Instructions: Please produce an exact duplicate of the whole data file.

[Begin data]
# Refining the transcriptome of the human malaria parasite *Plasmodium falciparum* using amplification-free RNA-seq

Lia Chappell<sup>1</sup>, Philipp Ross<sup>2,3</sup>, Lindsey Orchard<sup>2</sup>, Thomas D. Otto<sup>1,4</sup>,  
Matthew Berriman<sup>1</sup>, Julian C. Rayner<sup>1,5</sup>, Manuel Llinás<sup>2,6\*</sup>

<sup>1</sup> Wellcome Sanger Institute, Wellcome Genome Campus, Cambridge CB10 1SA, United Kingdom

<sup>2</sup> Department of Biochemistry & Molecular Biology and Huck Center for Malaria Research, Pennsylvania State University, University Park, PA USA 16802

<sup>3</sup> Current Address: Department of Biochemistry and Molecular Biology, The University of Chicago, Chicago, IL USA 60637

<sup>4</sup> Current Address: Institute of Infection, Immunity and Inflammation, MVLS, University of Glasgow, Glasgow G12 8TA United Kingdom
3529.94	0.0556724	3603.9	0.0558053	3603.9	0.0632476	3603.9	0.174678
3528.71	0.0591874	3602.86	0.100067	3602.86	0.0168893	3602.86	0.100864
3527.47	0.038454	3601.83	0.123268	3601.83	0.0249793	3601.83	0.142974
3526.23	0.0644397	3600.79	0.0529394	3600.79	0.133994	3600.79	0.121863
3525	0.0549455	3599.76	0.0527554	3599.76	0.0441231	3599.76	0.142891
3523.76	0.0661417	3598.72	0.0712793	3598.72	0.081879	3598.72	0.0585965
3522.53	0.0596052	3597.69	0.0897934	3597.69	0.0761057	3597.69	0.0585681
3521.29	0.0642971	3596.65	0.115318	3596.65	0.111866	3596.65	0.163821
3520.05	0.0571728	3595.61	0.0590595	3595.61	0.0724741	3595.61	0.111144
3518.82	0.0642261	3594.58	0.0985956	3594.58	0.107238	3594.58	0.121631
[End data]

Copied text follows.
# Refining the transcriptome of the human malaria parasite *Plasmodium falciparum* using amplification-free RNA-seq

Lia Chappell<sup>1</sup>, Philipp Ross<sup>2,3</sup>, Lindsey Orchard<sup>2</sup>, Thomas D. Otto<sup>1,4</sup>,  
Matthew Berriman<sup>1</sup>, Julian C. Rayner<sup>1,5</sup>, Manuel Llinás<sup>2,6\*</sup>

<sup>1</sup> Wellcome Sanger Institute, Wellcome Genome Campus, Cambridge CB10 1SA, United Kingdom

<sup>2</sup> Department of Biochemistry & Molecular Biology and Huck Center for Malaria Research, Pennsylvania State University, University Park, PA USA 16802

<sup>3</sup> Current Address: Department of Biochemistry and Molecular Biology, The University of Chicago, Chicago, IL USA 60637

<sup>4</sup> Current Address: Institute of Infection, Immunity and Inflammation, MVLS, University of Glasgow, Glasgow G12 8TA United Kingdom
3529.94	0.0556724	3603.9	0.0558053	3603.9	0.0632476	3603.9	0.174678
3528.71	0.0591874	3602.86	0.100067	3602.86	0.0168893	3602.86	0.100864
3527.47	0.038454	3601.83	0.123268	3601.83	0.0249793	3601.83	0.142974
3526.23	0.0644397	3600.79	0.0529394	3600.79	0.133994	3600.79	0.121863
3525	0.0549455	3599.76	0.0527554	3599.76	0.0441231	3599.76	0.142891
3523.76	0.0661417	3598.72	0.0712793	3598.72	0.081879	3598.72	0.0585965
3522.53	0.0596052	3597.69	0.0897934	3597.69	0.0761057	3597.69	0.0585681
3521.29	0.0642971	3596.65	0.115318	3596.65	0.111866	3596.65	0.163821
3520.05	0.0571728	3595.61	0.0590595	3595.61	0.0724741	3595.61	0.111144
3518.82	0.0642261	3594.58	0.0985956	3594.58	0.107238	3594.58	0.121631